- Disney+’s newest documentary, “Among the Stars,” features a pioneering NASA mission designed to sift through the stars for evidence of dark matter and antimatter.
- The Alpha Magnetic Spectrometer (AMS-02), which launched in 2011, is attached to the International Space Station, and has collected data on 180 billion charged cosmic ray events.
- The documentary follows NASA astronauts over the years as they perform maintenance on instrument in orbit.
Some 250 miles above Earth, an instrument attached to the International Space Station (ISS)—dubbed the Alpha Magnetic Spectrometer (AMS)—is sifting through the cosmos, working to answer some of our universe’s most pressing questions. The astronauts, engineers, and scientists tasked with keeping the instrument operational are the subject of “Among the Stars,” a dramatic new documentary released on Disney+ this week.
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Researchers created AMS to measure the cosmic rays that pierce through our solar system and beyond, helping us learn more about the mysterious matter that makes up the bulk of our universe. So far, the instrument has detected over 180 billion cosmic ray events. The data from these events will help NASA and other space agencies protect astronauts and equipment in space that this cosmic radiation could harm.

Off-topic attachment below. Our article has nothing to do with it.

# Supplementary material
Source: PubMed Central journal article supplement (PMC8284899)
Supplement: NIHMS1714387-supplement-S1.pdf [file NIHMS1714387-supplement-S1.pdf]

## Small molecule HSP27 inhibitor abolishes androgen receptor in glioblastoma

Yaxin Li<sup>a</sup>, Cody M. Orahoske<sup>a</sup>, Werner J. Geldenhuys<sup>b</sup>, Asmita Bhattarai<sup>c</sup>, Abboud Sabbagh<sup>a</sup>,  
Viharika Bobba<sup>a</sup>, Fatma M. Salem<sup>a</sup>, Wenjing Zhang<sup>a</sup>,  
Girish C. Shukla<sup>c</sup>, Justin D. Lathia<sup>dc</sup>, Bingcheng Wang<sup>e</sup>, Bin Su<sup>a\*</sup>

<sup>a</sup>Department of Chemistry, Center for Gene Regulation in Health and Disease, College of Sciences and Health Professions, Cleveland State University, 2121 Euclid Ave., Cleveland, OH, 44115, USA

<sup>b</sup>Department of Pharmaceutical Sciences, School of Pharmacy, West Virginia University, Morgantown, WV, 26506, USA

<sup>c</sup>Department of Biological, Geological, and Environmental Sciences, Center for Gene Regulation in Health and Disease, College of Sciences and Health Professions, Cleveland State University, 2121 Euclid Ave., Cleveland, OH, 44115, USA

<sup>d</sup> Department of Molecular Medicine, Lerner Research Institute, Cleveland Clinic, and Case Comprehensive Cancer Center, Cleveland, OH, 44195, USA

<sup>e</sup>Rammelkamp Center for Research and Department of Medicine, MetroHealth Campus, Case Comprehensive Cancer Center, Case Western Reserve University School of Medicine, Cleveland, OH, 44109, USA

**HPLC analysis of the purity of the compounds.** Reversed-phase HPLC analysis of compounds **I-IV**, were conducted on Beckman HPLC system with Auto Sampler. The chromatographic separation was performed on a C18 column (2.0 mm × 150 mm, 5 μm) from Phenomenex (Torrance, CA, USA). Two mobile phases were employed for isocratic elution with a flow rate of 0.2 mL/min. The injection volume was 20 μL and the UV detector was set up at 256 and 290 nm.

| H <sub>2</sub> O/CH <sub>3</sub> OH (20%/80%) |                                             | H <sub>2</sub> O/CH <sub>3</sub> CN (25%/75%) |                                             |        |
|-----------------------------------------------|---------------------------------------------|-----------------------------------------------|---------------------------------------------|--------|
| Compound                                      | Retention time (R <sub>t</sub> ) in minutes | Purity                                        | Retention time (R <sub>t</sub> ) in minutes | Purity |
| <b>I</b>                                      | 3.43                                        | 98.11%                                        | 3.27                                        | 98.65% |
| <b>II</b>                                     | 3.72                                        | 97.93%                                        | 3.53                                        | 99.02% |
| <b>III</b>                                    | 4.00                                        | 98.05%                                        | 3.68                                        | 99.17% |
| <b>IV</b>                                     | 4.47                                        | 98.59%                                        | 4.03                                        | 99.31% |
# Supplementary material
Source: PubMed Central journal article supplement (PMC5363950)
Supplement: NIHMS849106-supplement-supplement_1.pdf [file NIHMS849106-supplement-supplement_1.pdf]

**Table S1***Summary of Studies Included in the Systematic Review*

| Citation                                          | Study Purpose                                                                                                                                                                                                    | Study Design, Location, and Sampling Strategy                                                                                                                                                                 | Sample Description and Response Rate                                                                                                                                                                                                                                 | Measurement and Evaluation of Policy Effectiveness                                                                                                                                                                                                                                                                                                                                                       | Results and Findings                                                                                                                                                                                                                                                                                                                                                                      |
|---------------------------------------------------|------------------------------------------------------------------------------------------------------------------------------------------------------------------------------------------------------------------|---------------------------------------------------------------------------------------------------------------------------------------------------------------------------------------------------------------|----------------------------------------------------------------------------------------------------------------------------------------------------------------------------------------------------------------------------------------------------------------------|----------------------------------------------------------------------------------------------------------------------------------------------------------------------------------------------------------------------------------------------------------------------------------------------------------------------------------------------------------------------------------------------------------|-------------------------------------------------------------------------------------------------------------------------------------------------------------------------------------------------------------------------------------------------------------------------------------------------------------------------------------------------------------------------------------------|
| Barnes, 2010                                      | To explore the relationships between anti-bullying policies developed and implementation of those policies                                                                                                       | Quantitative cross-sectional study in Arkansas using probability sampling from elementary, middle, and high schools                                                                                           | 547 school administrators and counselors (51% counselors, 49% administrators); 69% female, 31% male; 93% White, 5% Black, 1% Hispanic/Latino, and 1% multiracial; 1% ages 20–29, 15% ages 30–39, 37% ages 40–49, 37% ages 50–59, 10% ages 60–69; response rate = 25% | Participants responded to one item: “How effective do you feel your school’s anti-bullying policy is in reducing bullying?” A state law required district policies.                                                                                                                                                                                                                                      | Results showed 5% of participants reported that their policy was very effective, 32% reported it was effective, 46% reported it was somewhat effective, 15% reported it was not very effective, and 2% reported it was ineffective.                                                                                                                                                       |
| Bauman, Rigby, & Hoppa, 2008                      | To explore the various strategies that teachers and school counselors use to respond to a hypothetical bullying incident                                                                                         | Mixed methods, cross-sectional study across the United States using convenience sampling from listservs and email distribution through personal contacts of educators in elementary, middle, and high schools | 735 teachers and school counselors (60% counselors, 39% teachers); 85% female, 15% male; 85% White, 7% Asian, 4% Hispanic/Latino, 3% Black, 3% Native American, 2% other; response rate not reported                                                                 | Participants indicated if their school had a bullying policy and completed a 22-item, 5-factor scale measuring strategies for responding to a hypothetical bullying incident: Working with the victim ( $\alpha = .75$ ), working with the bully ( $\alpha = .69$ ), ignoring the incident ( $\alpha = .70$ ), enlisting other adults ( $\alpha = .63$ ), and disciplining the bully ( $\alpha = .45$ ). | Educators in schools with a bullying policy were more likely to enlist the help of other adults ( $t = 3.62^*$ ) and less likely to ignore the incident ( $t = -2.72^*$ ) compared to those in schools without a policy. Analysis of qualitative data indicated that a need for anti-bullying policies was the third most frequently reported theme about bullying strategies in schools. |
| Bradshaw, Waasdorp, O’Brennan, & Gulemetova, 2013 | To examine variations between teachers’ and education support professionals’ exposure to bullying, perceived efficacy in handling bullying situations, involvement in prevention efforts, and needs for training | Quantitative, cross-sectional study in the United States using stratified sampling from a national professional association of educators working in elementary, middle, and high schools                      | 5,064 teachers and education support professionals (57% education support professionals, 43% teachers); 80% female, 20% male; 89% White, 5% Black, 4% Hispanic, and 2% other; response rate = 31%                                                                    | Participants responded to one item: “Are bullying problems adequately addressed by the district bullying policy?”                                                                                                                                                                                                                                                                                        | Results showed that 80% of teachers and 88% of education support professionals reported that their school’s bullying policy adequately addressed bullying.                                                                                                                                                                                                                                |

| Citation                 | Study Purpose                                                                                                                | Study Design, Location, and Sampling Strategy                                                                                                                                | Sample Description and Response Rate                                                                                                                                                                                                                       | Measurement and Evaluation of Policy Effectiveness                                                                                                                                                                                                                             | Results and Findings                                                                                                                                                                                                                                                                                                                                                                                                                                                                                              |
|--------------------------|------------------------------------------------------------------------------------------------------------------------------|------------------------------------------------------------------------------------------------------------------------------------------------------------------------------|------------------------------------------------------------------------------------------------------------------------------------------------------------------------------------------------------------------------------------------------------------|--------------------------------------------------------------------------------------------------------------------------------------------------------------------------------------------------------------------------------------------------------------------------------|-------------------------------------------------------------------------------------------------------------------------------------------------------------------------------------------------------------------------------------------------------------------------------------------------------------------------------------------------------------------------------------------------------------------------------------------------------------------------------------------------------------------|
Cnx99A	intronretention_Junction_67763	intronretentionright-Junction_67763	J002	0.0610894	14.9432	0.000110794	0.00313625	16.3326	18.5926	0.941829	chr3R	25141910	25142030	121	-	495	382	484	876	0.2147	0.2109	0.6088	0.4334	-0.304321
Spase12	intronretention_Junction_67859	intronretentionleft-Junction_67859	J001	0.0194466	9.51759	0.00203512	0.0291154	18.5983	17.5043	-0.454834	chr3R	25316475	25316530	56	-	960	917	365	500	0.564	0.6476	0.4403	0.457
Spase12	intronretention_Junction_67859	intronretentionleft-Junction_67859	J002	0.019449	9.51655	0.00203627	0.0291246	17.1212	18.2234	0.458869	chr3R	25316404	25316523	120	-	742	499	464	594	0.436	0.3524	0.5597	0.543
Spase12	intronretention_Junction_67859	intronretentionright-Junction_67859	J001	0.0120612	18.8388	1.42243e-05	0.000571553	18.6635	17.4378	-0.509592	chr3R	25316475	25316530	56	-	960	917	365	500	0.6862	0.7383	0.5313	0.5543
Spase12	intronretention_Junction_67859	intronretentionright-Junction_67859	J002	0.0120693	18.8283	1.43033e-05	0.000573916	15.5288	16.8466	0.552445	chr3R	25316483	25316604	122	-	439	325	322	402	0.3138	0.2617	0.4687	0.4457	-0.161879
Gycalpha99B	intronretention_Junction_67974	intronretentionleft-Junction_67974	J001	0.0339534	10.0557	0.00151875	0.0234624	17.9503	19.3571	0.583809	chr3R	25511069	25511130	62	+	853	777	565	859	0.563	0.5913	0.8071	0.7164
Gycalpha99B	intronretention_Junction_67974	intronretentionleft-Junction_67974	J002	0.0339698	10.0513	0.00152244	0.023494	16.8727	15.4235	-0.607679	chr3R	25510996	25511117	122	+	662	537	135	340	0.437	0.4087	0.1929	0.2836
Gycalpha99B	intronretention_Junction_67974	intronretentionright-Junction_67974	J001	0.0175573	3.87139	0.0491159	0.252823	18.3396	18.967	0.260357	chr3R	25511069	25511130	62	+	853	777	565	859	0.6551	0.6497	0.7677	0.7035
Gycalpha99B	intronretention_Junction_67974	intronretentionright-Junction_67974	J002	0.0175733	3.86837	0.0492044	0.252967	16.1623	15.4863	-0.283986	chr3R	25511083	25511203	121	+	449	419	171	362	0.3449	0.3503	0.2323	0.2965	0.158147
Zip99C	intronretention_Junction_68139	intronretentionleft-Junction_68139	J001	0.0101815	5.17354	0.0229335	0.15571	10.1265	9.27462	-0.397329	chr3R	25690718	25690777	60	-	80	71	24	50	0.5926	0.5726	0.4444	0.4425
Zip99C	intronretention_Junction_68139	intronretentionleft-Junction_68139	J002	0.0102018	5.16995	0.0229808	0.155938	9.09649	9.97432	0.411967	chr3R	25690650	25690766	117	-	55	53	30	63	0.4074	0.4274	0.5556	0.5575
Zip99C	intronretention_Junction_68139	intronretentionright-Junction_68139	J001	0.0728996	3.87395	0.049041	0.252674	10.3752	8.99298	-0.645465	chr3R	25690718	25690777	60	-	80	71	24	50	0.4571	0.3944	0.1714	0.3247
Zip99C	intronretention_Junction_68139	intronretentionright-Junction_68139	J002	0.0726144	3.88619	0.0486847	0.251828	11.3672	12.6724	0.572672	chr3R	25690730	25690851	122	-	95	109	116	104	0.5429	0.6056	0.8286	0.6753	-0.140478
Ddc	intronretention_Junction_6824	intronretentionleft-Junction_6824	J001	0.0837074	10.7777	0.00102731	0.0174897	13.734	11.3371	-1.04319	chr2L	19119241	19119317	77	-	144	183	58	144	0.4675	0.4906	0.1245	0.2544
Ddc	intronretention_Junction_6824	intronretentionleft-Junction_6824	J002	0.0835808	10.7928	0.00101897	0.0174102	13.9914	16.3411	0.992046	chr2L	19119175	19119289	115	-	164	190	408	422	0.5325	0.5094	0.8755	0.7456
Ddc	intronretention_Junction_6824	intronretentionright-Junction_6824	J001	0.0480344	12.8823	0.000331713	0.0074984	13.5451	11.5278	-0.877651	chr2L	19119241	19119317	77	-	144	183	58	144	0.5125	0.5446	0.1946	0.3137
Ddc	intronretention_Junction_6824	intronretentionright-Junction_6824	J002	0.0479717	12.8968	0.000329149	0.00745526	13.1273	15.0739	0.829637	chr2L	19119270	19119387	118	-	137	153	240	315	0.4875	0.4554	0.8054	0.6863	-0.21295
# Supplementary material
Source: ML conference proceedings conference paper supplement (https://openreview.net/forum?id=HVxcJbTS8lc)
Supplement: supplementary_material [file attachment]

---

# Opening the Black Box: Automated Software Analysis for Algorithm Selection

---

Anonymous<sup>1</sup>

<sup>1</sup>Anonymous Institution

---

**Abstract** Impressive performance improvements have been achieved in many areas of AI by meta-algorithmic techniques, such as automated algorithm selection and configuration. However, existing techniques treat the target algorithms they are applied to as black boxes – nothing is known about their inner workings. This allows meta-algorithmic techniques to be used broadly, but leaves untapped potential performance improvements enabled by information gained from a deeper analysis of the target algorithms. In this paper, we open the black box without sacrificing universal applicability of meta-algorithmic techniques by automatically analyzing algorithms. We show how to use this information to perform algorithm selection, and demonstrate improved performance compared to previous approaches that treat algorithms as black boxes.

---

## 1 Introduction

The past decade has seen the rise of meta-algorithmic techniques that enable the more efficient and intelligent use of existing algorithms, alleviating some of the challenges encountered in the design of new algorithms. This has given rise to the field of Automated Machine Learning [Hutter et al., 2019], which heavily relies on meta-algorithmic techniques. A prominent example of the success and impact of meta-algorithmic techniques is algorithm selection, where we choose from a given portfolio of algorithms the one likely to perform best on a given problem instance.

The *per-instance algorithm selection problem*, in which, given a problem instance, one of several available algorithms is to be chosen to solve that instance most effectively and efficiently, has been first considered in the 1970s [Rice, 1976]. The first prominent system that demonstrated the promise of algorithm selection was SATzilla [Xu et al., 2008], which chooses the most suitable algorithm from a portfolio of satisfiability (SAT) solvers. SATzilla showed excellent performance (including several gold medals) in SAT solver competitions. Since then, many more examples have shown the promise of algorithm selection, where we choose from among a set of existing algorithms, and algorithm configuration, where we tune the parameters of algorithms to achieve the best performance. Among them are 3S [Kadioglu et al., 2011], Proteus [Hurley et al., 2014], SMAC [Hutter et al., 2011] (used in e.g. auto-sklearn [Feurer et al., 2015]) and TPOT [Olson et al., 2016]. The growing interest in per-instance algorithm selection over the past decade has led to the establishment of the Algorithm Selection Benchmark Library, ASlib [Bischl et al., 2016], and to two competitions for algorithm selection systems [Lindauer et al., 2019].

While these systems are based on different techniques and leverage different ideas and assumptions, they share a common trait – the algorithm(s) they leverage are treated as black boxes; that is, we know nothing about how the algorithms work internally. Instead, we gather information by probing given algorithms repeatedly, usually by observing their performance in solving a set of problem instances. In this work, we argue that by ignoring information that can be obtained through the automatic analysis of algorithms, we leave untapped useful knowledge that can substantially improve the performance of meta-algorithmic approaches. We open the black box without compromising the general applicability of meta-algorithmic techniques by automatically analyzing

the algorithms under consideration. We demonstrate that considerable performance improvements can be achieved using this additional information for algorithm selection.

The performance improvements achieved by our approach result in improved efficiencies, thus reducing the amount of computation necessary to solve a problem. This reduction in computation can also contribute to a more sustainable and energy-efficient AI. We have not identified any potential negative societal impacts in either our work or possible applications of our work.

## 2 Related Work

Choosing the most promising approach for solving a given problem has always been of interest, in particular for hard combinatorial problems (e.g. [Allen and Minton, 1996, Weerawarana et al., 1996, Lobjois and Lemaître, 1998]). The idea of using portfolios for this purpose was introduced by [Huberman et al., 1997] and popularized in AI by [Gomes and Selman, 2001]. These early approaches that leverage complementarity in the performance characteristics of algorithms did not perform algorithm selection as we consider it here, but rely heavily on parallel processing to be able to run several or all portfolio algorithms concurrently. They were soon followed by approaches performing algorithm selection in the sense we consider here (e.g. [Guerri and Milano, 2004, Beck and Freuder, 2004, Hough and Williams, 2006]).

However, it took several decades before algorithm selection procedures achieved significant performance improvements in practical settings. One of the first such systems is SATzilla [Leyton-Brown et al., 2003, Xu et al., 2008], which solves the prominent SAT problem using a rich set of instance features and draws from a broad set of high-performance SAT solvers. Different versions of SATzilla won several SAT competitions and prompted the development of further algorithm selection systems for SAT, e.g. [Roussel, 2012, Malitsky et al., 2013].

AMS has also detected antiprotons, the antimatter version of a proton, and positrons, which are the antimatter version of electrons. Both of these types of antimatter likely form during the collision of cosmic rays. The instrument has also detected some of the heaviest forms of antimatter, including antihelium, anticarbon, and antioxygen—particles whose origins are still relatively unknown. Together, these discoveries have shed new light on the composition of our universe.
“The shocking thing is that not a single result can be explained by the current theoretical model,” Nobel laureate and physicist Samuel Ting, who is a professor at the Massachusetts Institute of Technology and leads the AMS experiment, tells Popular Mechanics.
The idea for the AMS experiment came to Ting on a stroll through the gardens of his home in Geneva, Switzerland, shortly after plans for another project (the Superconducting Super Collider) fell through. Several members of congress—including current NASA Administrator Sen. Bill Nelson—successfully lobbied on behalf of the AMS. In 2011, it finally launched aboard the space shuttle Endeavor.
AMS is the most precise instrument of its kind to operate in space. It’s composed of a permanent magnet, which generates a magnetic field roughly 3,000 times stronger than that of Earth, and warps the pathway of incoming particles so that they can feed directly into the instrument’s eight detectors. These detectors measure everything from the particle’s charge, to its speed and direction. These data help scientists back on Earth identify the particles that pass through. Operating from the ISS (as opposed to on Earth’s surface) allows the machine to make extremely accurate measurements, says Ting.
Ting says the project will go on until the space station retires in the next decade. “Eventually, with this accurate, comprehensive data, a theory should be developed to understand our lessons,” he says.
Some moments of the documentary are legitimately heart-pounding (one episode details a terrifying 2018 incident in which an astronaut and cosmonaut riding aboard a Russian Soyuz rocket had their mission aborted shortly after launch), but it’s fairly light on the science. Regardless, it’s a phenomenal introduction to a mission that has helped us make better sense of our mysterious universe.
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